How astronauts keep man in the pink of health

20170810160000, Leon Kan
How astronauts keep man in the pink of health
Developed in 1986, translucent polycrystalline alumina (TPA) was created in the quest for a transparent material of sufficient tensile strength to be used in orthodontic treatment.
Space, the final frontier. So much has been invested into sending rockets and satellites up into the orbit of Earth and her surrounding planets including the ambitious International Space Station.

Yet, none of those investments were for naught, as the new technologies developed to tackle the trials of space all eventually trickle down to bring positive benefits back to Earth.

1. Robotic arms that remove brain tumours

First debuting in 1981 on-board the Space Shuttle Columbia, the robotic arm, Canadarm, was used to complete various precision manipulations tasks in space while keeping the astronauts out of harms’ reach. The success of the robotic arm even saw it being adopted in the International Space Station and technology ultimately trickled down to form the neuroArm.

Similar to Canadarm, the neuroArm was a high precision robotic arm capable of carrying out various impressive tasks such as removing brain tumours and performing real-time MRI guided precision surgery. Due to the fact that neuroArm is made entirely out of non-magnetic materials – the robotic arm can be used to carry out surgical procedures in a magnetic field; something previously impossible. Moreover, there are also plans to further miniaturise the neuroArm for application in paediatric surgery.

2. Advanced eye tracking in laser eye surgery

When in space, the lack of gravity causes changes in eye movement. To track these changes in microgravity environments, astronauts have advanced eye tracking systems which investigate tri-dimensional eye movements such as yaw, pitch and roll.

3. Helping asthmatics breathe

Nitric oxide is a very common air pollutant and one that affects asthmatic patients more so than ordinary individuals. The gas is present when there is airway inflammation with a higher than normal concentration found in exhaled air of asthmatic patients.

However, it is not a problem that is just confined to Earth, as the International Space Station has to deal with nitric oxide as a waste gas too. By using a lightweight device, the European Space Agency can accurately measure the amount of nitric oxide in exhaled air.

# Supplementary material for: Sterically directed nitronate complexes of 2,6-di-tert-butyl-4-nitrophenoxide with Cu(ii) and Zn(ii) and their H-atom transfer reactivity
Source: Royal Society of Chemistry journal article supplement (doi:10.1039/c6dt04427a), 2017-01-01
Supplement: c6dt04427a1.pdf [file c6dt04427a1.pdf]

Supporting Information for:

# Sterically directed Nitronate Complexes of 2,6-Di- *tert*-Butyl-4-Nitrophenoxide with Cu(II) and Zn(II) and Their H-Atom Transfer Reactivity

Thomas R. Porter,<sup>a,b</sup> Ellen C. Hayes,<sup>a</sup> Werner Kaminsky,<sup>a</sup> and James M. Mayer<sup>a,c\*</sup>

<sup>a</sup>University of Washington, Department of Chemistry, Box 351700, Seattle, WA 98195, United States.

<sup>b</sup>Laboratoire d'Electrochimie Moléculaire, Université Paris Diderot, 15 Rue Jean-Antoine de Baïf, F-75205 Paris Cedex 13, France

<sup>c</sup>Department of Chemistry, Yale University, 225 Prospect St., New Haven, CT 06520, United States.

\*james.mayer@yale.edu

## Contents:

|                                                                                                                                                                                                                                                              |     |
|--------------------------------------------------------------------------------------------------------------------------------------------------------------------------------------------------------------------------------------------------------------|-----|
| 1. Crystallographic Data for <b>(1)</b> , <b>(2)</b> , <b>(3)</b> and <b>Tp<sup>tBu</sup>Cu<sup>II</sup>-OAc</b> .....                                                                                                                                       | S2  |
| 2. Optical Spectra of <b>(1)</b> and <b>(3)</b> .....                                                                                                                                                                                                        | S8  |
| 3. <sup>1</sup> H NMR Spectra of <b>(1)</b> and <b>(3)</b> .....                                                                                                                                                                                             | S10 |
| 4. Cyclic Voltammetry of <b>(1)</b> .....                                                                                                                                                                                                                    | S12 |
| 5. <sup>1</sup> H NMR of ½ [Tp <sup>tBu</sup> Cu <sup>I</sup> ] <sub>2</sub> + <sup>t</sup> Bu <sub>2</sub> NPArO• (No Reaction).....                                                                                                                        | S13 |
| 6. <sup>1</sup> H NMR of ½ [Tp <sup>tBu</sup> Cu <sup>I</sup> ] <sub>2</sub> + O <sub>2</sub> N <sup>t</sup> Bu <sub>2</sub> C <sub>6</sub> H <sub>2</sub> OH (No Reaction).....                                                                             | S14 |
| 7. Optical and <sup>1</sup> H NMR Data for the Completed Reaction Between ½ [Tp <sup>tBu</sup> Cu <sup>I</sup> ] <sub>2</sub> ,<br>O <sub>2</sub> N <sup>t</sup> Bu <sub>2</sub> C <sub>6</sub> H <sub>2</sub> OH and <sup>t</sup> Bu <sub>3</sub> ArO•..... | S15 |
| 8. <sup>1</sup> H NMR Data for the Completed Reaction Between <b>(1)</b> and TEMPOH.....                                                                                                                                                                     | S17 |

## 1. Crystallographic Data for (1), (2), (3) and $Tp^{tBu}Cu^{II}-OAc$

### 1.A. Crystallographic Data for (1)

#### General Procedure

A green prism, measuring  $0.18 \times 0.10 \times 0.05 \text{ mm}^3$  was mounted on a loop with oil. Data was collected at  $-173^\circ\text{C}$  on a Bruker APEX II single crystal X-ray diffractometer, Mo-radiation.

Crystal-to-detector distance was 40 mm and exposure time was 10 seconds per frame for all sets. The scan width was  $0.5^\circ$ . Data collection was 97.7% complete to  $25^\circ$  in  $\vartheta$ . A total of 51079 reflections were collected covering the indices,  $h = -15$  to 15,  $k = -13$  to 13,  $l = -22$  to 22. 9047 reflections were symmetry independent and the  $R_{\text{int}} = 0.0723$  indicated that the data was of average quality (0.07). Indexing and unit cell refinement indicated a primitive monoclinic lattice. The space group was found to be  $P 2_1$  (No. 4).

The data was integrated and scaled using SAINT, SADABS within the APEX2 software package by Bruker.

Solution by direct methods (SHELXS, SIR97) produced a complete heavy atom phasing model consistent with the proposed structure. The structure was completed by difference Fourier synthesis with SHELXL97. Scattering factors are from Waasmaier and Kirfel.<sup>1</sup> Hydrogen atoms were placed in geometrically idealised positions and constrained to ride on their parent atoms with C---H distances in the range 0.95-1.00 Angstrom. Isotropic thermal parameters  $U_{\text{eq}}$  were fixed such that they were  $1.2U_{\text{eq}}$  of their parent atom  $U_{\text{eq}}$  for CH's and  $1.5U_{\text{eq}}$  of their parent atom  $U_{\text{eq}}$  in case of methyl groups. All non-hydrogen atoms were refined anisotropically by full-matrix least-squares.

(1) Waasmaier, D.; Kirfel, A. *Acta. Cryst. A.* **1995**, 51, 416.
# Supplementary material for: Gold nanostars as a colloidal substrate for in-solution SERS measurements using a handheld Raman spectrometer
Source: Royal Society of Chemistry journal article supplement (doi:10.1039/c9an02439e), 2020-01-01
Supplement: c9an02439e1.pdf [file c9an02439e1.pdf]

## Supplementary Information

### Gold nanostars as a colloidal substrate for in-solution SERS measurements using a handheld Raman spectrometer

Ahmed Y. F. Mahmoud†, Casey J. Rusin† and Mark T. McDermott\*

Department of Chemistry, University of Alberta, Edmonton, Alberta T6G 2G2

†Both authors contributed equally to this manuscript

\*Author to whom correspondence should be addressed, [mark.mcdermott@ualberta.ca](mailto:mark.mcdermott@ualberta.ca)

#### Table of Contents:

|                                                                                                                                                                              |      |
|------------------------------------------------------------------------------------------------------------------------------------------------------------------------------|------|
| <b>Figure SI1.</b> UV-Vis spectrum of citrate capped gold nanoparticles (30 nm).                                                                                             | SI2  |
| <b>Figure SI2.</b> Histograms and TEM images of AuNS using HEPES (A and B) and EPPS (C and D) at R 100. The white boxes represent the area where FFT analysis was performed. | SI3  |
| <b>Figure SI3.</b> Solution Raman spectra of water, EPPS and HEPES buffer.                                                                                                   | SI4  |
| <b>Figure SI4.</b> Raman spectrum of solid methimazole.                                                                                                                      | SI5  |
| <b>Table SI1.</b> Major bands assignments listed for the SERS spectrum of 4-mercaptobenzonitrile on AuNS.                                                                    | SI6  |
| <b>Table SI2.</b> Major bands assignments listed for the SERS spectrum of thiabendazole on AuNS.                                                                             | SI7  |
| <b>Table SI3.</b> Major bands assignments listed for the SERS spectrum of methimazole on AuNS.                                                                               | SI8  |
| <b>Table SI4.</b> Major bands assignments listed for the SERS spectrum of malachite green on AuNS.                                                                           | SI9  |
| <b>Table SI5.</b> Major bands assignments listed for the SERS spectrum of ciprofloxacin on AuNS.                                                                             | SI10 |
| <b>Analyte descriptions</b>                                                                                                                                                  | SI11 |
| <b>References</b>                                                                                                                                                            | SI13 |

The aim is to detect and investigate possible airway inflammation in astronauts and treat them before it becomes a health problem. Now, this device is being trickled down into the consumer market, allowing asthmatics to have better control over their condition. All of this leads to more efficient dosages, reduced incidences of asthma and an improved quality of life.

4. Measuring body temperature

Several decades back, NASA’s Jet Propulsion Laboratory developed infrared technology and implemented them into satellites to measure the temperature of distant stars and planets by reading the infrared radiation emitted from them. In 1991, the technology was sized down and implemented into a new infrared thermometer, allowing for near instant measurement of body temperature based on the energy emitted from the eardrum.

This technology has been proven to be effective. Additionally, several improvements over these two decades has seen the infrared thermometer become the standard in temperature measurement.

5. Hand-held ultrasound beams to treat kidney stones

Being in space increases the inherent risk of developing kidney stones due to various factors including alterations in hydration status, bone metabolism and exposure to microgravity.

While kidney stones are considered a low-risk medical condition back on Earth, its weight is considerably more serious in space with severe health implications. These include impact in performance, development of severe medical problems and even the need for crew member evacuation.

As such, researchers at NASA have been working on a handheld ultrasonic device that can be used to reposition and expel kidney stones from the kidney. Early studies have shown no adverse effects and no long-term tissue injury which paves the way for this technology to be implemented on Earth too.

6. Invisible teeth braces

Developed in 1986, translucent polycrystalline alumina (TPA) was created in the quest for a transparent material of sufficient tensile strength to be used in orthodontic treatment. Prior to that, it was initially developed by Ceradyne, a leader in advanced ceramics for defense, aerospace, electronics and industrial uses, looking for a special material to be used for defence purposes. 

TPA was then transitioned into the field of orthodontics as transparent braces due to its shatter resistant yet highly translucent nature. Now, it is still being used for transparent teeth braces and has been met with great market success. MIMS

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